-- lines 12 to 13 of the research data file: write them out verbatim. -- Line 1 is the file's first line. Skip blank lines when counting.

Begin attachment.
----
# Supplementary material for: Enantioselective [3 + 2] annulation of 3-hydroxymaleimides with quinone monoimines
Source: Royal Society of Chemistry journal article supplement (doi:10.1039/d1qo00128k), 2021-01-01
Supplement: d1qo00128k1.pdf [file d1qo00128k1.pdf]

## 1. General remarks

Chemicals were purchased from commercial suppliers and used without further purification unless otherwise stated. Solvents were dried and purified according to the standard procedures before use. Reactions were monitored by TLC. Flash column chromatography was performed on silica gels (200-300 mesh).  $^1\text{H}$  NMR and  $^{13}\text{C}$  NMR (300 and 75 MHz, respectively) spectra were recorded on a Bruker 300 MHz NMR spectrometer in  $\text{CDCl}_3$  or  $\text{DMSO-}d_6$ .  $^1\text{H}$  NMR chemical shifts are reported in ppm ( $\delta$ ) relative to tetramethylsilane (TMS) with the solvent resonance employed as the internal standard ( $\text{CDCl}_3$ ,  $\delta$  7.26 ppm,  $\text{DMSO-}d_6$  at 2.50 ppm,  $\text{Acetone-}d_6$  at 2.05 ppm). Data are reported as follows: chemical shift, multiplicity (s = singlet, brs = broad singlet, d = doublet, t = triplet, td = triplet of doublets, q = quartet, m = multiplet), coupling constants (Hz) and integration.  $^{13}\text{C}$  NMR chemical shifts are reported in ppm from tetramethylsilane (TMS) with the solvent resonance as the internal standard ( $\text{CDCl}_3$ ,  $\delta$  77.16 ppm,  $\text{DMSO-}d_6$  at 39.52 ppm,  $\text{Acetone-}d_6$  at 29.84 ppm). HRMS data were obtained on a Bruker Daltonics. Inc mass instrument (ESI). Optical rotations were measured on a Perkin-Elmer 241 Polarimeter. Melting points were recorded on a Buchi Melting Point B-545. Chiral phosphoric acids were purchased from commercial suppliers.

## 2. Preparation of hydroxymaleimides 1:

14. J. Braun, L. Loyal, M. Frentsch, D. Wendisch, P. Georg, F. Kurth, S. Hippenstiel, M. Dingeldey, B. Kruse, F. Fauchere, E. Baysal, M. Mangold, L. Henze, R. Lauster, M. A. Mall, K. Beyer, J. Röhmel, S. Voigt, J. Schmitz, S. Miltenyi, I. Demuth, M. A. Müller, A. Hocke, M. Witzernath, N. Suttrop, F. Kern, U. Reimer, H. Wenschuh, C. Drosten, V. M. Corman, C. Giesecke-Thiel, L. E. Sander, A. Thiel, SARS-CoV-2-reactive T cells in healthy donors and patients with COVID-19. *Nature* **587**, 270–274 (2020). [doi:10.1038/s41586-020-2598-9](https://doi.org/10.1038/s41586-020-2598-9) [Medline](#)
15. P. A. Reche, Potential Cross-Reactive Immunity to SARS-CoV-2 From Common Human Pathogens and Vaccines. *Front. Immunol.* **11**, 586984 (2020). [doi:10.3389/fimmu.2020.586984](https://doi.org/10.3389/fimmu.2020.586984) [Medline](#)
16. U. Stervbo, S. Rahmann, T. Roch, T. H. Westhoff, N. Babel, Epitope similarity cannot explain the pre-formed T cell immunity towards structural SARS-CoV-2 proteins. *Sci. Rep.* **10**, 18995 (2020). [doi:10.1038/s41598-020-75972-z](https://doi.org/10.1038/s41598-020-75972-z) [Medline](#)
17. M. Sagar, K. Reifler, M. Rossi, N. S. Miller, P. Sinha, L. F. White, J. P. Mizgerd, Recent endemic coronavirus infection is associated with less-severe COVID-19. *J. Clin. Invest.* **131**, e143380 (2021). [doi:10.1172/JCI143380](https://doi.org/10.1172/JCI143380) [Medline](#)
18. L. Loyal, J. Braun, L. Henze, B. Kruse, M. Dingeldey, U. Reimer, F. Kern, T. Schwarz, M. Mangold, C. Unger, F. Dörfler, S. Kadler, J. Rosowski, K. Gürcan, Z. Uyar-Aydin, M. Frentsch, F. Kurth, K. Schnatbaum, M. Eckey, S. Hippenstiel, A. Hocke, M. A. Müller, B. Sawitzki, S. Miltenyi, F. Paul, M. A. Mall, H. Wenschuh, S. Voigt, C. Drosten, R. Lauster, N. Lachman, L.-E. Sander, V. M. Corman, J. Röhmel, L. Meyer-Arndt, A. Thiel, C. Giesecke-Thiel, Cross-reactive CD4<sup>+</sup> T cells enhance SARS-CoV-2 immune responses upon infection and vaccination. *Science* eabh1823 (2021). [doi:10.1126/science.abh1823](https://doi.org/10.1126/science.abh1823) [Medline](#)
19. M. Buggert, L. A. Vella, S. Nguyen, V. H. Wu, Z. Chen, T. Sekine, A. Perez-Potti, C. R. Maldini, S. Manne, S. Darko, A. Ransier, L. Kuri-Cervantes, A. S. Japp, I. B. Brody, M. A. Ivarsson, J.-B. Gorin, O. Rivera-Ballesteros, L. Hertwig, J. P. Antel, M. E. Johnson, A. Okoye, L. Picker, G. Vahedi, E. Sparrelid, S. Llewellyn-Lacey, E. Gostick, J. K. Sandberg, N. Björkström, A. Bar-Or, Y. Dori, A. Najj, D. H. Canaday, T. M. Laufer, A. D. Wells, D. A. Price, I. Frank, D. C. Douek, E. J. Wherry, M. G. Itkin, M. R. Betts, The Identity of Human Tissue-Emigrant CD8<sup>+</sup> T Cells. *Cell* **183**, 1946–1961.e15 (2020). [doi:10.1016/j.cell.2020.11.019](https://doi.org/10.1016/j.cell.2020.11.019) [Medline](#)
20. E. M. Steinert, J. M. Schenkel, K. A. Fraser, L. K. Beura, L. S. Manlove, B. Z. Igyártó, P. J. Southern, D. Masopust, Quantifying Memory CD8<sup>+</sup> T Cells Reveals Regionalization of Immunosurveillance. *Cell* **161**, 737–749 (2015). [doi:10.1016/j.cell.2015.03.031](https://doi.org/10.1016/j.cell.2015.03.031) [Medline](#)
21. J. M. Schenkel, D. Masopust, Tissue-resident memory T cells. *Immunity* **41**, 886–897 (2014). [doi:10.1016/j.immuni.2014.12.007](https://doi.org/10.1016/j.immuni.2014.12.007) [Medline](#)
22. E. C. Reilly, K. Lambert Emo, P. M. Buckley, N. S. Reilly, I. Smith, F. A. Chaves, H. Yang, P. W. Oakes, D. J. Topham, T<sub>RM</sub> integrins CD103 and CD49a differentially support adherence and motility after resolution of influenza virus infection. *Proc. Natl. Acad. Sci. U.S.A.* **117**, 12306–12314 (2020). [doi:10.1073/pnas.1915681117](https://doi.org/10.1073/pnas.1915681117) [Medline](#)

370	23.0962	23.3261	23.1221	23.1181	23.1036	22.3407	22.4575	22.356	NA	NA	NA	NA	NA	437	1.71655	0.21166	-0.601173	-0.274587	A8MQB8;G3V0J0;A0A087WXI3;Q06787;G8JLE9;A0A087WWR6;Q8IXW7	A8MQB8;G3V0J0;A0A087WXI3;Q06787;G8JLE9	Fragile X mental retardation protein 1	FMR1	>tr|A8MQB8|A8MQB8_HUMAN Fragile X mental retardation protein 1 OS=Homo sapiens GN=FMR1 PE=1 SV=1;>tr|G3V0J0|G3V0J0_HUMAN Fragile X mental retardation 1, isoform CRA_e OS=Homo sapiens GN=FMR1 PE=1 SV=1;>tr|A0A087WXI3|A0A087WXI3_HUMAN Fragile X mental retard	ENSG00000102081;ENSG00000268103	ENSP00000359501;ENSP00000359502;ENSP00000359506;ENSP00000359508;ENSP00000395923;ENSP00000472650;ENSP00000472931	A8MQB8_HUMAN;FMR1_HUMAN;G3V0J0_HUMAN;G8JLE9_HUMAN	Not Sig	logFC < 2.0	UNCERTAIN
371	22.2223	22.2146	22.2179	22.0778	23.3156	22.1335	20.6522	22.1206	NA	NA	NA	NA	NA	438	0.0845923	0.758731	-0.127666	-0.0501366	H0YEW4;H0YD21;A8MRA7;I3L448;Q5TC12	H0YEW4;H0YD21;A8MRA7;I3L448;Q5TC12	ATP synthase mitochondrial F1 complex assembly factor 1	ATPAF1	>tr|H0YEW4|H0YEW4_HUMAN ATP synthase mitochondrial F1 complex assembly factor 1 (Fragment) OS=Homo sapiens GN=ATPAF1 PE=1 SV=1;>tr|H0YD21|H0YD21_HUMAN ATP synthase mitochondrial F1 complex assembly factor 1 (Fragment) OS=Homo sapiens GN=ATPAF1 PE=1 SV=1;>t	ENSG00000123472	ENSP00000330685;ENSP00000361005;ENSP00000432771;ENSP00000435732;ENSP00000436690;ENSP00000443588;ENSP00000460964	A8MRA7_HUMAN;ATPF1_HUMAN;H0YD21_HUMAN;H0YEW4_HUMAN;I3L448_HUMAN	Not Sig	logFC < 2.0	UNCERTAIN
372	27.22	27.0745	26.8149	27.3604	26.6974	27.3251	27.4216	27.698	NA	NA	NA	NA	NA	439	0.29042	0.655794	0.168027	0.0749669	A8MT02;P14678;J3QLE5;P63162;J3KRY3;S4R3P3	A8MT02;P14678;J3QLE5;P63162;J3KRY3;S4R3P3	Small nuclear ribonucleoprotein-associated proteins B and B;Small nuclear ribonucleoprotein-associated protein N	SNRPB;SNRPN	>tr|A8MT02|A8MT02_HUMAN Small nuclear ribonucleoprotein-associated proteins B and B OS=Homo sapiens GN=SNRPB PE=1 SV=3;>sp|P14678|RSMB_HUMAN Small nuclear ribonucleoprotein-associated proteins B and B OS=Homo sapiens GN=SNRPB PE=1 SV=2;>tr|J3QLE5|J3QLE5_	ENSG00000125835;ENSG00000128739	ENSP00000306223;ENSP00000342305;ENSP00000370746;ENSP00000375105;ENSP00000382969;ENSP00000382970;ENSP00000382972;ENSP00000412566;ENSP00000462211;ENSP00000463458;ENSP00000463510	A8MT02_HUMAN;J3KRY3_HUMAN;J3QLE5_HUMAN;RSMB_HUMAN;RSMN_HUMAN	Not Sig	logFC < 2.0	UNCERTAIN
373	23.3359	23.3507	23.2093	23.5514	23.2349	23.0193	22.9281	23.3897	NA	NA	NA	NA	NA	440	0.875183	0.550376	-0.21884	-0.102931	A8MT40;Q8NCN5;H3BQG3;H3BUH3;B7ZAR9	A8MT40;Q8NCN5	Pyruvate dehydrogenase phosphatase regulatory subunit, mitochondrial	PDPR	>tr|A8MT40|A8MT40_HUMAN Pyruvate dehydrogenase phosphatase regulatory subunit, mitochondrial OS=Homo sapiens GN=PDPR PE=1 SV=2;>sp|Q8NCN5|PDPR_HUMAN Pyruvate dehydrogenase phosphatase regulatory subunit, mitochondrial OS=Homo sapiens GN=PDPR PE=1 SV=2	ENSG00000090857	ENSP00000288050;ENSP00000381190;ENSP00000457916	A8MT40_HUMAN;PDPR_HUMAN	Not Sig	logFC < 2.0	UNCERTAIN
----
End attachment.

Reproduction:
19. M. Buggert, L. A. Vella, S. Nguyen, V. H. Wu, Z. Chen, T. Sekine, A. Perez-Potti, C. R. Maldini, S. Manne, S. Darko, A. Ransier, L. Kuri-Cervantes, A. S. Japp, I. B. Brody, M. A. Ivarsson, J.-B. Gorin, O. Rivera-Ballesteros, L. Hertwig, J. P. Antel, M. E. Johnson, A. Okoye, L. Picker, G. Vahedi, E. Sparrelid, S. Llewellyn-Lacey, E. Gostick, J. K. Sandberg, N. Björkström, A. Bar-Or, Y. Dori, A. Najj, D. H. Canaday, T. M. Laufer, A. D. Wells, D. A. Price, I. Frank, D. C. Douek, E. J. Wherry, M. G. Itkin, M. R. Betts, The Identity of Human Tissue-Emigrant CD8<sup>+</sup> T Cells. *Cell* **183**, 1946–1961.e15 (2020). [doi:10.1016/j.cell.2020.11.019](https://doi.org/10.1016/j.cell.2020.11.019) [Medline](#)
20. E. M. Steinert, J. M. Schenkel, K. A. Fraser, L. K. Beura, L. S. Manlove, B. Z. Igyártó, P. J. Southern, D. Masopust, Quantifying Memory CD8<sup>+</sup> T Cells Reveals Regionalization of Immunosurveillance. *Cell* **161**, 737–749 (2015). [doi:10.1016/j.cell.2015.03.031](https://doi.org/10.1016/j.cell.2015.03.031) [Medline](#)